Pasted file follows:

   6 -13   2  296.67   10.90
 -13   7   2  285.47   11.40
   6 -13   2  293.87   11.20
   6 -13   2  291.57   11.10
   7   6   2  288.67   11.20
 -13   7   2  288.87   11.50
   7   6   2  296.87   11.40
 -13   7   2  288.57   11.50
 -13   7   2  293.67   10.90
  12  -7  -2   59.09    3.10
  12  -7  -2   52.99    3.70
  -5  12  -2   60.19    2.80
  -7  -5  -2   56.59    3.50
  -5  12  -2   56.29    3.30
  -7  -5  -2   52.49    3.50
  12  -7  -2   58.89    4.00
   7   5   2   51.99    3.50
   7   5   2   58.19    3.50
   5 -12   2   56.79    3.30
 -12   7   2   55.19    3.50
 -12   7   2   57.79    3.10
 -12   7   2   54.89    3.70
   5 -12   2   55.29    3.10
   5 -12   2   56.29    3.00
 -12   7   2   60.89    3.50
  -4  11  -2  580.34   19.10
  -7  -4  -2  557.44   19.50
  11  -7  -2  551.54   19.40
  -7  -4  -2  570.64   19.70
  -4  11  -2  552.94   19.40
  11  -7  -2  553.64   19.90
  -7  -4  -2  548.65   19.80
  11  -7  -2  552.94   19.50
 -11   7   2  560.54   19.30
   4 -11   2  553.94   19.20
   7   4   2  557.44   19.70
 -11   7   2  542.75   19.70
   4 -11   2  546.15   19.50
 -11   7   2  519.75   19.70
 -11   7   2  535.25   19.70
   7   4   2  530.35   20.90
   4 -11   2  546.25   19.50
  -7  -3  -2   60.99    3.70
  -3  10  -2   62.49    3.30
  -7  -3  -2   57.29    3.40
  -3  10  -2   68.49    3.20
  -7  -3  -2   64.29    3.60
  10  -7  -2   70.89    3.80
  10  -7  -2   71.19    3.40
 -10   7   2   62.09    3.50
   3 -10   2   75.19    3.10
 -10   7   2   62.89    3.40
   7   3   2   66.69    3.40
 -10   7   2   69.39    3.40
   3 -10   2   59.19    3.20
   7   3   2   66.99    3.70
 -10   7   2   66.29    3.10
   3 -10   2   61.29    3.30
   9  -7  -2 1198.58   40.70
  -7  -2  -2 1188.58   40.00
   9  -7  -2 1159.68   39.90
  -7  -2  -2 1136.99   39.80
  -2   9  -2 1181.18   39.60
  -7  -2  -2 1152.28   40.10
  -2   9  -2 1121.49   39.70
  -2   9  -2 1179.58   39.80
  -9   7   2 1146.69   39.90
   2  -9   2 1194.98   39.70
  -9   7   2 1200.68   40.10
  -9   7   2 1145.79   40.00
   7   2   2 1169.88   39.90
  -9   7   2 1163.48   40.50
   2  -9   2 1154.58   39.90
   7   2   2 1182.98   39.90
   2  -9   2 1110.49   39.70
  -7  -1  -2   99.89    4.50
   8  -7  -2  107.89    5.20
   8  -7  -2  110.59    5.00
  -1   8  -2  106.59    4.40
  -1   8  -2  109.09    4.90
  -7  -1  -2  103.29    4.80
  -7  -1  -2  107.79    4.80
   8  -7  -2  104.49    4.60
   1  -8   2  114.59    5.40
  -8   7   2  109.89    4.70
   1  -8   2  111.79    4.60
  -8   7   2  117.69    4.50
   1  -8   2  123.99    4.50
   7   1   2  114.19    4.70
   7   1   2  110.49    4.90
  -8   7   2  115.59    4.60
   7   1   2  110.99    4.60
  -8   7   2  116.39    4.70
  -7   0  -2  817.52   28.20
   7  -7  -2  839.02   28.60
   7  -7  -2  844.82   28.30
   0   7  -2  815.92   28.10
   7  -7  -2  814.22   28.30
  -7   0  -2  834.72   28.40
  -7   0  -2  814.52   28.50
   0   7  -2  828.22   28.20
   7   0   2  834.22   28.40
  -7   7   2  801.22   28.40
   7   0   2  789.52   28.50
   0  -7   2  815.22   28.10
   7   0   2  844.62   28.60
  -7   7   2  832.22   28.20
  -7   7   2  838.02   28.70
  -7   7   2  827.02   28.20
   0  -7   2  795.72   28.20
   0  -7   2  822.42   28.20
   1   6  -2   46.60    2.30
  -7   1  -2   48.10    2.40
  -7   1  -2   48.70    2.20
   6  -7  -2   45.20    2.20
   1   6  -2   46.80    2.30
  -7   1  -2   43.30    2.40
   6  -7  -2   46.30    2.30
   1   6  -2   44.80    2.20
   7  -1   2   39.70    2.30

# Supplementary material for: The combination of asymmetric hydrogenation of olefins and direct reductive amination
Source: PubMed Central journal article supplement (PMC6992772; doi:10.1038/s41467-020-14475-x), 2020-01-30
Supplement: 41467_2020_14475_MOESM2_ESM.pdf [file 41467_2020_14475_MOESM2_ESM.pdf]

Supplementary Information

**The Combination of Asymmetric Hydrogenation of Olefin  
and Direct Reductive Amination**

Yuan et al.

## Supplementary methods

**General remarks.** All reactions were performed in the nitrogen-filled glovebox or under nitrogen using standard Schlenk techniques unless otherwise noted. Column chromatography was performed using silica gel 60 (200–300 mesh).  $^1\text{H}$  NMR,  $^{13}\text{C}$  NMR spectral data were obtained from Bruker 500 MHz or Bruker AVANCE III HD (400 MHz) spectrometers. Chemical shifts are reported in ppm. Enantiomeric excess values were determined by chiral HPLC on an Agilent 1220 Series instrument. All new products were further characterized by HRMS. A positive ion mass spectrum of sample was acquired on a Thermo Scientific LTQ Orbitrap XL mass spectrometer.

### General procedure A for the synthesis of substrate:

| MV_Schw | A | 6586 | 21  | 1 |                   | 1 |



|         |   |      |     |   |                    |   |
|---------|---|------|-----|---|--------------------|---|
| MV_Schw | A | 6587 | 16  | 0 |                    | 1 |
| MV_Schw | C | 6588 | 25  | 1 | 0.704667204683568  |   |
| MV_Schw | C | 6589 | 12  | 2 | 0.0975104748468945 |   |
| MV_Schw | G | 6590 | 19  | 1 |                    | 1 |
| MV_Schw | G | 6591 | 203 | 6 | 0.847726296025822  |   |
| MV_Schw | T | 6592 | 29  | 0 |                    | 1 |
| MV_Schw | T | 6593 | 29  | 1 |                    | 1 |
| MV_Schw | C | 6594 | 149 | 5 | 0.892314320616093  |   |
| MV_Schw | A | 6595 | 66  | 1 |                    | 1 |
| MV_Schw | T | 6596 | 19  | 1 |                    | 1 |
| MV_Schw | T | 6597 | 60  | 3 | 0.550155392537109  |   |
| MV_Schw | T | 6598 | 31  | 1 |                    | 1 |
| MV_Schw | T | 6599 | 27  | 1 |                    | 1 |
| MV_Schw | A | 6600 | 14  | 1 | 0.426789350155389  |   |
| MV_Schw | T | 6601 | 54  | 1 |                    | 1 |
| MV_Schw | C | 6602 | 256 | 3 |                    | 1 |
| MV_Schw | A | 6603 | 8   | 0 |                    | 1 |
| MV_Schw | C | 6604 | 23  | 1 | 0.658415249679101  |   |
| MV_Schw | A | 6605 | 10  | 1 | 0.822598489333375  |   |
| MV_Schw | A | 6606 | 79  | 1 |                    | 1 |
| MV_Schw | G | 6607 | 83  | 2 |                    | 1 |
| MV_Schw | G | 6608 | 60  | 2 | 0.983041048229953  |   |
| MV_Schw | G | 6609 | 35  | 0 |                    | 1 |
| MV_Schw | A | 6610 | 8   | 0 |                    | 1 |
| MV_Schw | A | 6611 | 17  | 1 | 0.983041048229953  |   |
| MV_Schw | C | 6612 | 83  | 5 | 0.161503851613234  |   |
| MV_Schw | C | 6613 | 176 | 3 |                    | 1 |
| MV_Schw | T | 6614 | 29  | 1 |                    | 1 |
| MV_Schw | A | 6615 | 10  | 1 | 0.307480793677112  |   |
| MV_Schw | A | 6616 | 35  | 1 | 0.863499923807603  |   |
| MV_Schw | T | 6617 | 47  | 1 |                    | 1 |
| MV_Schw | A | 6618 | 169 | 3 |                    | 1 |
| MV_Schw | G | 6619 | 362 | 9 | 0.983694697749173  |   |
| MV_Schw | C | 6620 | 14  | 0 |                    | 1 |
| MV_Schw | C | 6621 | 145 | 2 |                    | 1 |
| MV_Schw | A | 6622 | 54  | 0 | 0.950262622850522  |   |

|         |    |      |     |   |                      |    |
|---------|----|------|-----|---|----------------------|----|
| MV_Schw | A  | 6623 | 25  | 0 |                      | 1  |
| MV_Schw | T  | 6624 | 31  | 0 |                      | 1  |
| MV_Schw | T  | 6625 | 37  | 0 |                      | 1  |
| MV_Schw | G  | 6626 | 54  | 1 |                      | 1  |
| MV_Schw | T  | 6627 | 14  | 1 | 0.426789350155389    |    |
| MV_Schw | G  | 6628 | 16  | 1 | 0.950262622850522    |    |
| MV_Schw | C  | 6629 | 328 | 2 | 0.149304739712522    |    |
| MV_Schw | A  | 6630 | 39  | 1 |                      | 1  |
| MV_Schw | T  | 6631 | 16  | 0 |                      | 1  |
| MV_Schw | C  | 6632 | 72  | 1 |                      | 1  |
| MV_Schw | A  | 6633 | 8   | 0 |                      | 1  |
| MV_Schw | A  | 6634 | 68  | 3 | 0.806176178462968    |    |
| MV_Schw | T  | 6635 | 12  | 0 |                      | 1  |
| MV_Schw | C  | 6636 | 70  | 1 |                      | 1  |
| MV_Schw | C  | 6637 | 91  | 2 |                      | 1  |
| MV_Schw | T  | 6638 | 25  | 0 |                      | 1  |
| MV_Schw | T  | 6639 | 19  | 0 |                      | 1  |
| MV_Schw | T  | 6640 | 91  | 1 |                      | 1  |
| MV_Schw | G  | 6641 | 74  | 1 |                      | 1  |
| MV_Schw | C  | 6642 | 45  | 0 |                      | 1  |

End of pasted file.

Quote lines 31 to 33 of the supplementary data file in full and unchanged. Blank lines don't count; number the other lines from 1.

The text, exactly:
  11  -7  -2  553.64   19.90
  -7  -4  -2  548.65   19.80
  11  -7  -2  552.94   19.50